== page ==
If the clinical picture is unclear after clinical history and blood tests and there is still suspicion of coeliac disease, you would do a endoscopic duodenal biopsy right?

BillyJoe
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written by BillyJoe, May 15, 2009
Okay, you prefer to cut a hole in someone's bowel, and I prefer to stick a tube up their butt. Who gets the results first, and whose patient has fewer complications?

My doc will have the biopsy and your doc will have a dead patient.

BJ
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Even "gold standard" tests are not ideal
written by The SkepDoc, May 15, 2009
Yes, the "gold standard" test is the closest to a definitive test. But even they aren't perfect. Wikipedia puts it very well:
"A hypothetical ideal "gold standard" test has a sensitivity, or statistical power, of 100% (it identifies all individuals with a disease process; it does not have any false-negative results) and a specificity of 100% (it does not falsely identify someone with a condition that does not have the condition; it does not have any false-positive results). In practice, there are no ideal "gold standard" tests."

Pathologists must interpret biopsies and sometimes they read them wrong; or two pathologists will have a legitimate difference of opinion about what they are seeing on the slides. There are even cases where people were diagnosed with cancer and treated with surgery and chemotherapy, but a review of the original biopsy showed they never actually had cancer. The medical profession has to learn to live with a degree of uncertainty that laymen often can't appreciate.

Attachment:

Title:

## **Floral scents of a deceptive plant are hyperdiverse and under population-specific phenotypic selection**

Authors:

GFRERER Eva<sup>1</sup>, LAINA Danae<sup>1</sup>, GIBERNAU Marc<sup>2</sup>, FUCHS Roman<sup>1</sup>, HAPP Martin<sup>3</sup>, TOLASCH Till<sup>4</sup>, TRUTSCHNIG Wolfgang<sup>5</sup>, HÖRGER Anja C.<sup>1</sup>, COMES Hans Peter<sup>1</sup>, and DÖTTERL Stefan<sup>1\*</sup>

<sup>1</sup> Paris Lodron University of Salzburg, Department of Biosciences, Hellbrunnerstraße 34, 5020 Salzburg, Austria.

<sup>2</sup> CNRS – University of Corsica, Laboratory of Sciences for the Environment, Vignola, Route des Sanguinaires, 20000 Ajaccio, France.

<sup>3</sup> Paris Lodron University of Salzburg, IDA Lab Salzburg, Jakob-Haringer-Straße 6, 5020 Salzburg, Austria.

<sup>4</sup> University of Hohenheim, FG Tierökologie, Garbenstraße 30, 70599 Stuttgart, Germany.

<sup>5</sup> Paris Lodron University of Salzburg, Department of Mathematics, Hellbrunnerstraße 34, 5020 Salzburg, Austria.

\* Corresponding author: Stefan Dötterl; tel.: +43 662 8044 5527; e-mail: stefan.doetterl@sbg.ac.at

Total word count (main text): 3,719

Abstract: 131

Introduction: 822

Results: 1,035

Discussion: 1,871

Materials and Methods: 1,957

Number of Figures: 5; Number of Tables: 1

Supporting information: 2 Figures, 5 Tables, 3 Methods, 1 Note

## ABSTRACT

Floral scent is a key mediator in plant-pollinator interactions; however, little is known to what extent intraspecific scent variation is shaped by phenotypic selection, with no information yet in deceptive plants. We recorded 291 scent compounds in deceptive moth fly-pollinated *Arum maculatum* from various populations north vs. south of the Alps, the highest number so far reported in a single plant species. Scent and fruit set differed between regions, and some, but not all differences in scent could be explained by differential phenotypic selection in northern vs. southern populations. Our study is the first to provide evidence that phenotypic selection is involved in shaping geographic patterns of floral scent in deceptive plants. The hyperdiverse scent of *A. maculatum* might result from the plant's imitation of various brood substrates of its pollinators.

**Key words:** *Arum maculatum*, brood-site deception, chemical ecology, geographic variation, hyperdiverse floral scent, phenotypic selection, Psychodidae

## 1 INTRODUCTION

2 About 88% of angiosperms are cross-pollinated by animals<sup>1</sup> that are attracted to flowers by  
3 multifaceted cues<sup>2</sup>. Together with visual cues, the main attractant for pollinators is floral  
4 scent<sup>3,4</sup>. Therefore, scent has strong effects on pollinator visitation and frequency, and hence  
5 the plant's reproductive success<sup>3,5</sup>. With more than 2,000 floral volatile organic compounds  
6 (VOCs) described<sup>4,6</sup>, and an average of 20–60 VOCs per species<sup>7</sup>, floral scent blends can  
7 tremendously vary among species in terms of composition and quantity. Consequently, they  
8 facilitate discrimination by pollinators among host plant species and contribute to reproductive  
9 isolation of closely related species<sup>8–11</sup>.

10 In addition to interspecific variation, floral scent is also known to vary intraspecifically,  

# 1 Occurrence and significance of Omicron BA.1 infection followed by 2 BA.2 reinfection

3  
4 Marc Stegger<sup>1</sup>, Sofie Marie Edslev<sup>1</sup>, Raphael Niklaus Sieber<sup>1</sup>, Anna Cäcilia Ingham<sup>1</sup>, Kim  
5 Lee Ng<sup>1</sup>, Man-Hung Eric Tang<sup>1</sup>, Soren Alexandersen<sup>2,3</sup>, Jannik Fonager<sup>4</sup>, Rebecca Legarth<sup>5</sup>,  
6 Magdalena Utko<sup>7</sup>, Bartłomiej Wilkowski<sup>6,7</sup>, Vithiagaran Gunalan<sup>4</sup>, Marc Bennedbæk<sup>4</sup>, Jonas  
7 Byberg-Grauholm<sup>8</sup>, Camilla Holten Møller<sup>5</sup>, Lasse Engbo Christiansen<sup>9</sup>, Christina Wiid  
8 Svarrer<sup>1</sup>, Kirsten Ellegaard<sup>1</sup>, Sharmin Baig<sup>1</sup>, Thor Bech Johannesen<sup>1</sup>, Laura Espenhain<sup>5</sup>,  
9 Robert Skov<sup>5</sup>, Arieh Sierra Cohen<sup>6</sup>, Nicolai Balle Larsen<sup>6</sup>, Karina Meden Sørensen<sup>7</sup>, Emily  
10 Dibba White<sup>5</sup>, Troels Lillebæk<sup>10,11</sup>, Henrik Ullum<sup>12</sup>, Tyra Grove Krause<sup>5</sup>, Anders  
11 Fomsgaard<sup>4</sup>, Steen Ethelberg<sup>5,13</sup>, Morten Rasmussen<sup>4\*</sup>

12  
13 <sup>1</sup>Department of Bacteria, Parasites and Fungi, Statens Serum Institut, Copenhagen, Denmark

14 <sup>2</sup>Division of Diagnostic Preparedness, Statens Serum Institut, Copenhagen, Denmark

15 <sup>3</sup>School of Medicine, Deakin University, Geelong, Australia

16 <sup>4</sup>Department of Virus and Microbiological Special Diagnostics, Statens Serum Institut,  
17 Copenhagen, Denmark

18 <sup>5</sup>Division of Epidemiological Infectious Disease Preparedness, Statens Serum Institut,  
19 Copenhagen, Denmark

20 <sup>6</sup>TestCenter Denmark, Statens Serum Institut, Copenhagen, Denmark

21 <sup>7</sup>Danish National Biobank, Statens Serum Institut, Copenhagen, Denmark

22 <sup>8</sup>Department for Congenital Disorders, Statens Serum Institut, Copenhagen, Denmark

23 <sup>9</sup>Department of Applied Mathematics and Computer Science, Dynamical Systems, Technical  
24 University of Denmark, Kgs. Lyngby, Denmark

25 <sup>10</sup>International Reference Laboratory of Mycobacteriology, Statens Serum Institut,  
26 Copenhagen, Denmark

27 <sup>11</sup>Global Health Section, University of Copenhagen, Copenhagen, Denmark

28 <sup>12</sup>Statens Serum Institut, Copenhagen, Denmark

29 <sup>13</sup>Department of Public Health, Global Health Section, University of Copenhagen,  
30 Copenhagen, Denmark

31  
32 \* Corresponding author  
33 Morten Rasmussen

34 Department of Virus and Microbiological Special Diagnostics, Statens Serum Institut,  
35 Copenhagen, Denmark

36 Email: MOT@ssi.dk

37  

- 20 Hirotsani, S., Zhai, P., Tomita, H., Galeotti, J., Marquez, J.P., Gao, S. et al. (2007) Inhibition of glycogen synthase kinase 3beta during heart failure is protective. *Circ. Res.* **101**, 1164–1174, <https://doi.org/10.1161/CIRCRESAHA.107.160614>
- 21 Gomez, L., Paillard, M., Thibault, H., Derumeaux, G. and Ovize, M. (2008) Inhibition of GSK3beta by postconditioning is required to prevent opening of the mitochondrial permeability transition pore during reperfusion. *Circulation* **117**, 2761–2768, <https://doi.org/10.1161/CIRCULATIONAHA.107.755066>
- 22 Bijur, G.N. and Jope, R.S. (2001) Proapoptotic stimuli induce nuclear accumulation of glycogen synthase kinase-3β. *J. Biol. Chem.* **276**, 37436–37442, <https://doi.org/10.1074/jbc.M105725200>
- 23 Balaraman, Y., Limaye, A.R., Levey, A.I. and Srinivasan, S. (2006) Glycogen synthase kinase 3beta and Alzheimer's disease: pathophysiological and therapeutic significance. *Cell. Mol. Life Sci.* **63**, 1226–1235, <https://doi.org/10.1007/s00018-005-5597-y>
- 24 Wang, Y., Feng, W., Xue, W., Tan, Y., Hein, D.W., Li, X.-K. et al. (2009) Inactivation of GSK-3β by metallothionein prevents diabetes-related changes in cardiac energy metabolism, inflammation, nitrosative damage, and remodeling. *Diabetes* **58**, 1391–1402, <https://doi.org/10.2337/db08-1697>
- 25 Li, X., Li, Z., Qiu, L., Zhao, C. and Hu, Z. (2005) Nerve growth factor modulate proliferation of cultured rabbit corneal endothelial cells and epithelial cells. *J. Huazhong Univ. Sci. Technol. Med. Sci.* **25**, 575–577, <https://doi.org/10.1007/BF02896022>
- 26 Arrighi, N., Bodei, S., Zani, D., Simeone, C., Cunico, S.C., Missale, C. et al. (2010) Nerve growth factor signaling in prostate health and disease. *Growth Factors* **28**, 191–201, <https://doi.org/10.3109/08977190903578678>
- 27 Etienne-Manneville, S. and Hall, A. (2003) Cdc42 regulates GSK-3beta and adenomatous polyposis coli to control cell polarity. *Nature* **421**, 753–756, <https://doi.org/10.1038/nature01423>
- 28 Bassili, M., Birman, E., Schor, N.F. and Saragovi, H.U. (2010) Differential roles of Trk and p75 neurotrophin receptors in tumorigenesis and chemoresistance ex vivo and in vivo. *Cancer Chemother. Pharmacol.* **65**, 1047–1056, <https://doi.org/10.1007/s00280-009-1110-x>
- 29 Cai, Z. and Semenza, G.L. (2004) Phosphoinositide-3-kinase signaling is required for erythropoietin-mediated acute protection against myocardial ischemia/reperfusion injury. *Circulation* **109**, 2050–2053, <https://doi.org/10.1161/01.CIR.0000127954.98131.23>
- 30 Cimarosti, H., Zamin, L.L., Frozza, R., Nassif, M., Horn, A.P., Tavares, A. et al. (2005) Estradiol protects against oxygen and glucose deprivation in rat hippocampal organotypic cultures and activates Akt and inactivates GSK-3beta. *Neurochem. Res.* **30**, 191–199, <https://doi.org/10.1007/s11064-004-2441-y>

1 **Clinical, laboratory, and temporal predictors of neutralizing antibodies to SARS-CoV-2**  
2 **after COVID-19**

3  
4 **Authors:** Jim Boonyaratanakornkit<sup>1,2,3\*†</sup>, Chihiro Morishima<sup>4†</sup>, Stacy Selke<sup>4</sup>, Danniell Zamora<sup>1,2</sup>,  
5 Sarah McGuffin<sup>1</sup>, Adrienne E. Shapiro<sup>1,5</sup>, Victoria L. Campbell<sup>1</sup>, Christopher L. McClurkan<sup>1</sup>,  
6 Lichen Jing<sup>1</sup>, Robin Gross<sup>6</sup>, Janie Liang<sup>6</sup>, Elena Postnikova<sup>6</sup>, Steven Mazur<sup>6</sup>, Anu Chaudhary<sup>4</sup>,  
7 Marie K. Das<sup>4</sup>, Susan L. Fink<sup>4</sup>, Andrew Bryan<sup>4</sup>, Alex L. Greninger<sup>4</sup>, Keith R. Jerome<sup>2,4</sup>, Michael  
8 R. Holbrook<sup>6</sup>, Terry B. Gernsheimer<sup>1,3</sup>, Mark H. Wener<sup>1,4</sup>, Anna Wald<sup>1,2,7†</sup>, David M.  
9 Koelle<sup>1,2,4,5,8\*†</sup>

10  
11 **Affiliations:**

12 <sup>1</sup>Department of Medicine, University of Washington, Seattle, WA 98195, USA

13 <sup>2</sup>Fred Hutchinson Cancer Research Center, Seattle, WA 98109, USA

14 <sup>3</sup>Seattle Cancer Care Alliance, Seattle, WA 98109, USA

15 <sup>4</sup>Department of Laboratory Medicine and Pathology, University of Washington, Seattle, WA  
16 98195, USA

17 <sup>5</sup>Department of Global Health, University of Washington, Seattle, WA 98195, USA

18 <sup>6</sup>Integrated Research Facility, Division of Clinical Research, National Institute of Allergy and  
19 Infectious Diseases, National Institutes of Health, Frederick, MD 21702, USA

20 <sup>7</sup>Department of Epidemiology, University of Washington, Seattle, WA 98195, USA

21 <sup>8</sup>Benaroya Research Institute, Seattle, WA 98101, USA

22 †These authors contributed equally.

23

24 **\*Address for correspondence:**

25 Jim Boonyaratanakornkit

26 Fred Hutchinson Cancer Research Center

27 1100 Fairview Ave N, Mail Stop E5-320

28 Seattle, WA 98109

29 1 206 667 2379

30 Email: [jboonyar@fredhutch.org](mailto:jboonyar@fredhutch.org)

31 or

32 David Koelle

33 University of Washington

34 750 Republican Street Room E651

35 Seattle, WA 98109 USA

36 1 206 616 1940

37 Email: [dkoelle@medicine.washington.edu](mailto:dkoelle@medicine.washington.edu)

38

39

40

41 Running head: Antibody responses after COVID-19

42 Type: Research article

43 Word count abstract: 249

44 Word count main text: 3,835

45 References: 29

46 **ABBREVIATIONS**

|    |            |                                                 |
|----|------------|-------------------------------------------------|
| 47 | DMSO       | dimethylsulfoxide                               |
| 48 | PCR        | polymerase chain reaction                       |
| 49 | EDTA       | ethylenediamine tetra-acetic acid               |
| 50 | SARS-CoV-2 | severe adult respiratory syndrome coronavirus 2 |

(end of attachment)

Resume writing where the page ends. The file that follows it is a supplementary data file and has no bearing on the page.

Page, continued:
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@ SkepDoc
written by BillyJoe, May 15, 2009
Yes, the "gold standard" test is the closest to a definitive test.

Okay, I am fine with that term then.

I don't disagree with anything you have said about uncertainty. As you say, there is no test that has a sensitivity and specificity of 100%. Medicine is science after all, and science, as we all know, is uncertain, and scepticism expresses this uncertainty.

However, with Coeliac Disease, the duodenal biopsy (macroscopic and microscopic changes) is as close as you're going to get, do you agree? Perhaps not necessary in all cases, but certainly the test to do if the diagnosis is in doubt or the clinical picture is confusing and Coeliac is in the differential. Do you agree?

Or would rely on the blood tests and the elimination diet?

BillyJoe
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written by The SkepDoc, May 16, 2009
Yes, the biopsy is the gold standard and I personally wouldn't want to commit to a lifetime of diet restrictions without it.
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written by Caller X, May 16, 2009
written by BillyJoe, May 15, 2009

Okay, you prefer to cut a hole in someone's bowel, and I prefer to stick a tube up their butt. Who gets the results first, and whose patient has fewer complications?


My doc will have the biopsy and your doc will have a dead patient.



In most cases, neither the endoscopy nor the celiac disease will result in death. Biopsy, on the other hand....

Once again you are talking ess through the back of your neck as you blow smoke through your hat.

'Roo-eater.
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written by Steel Rat, May 16, 2009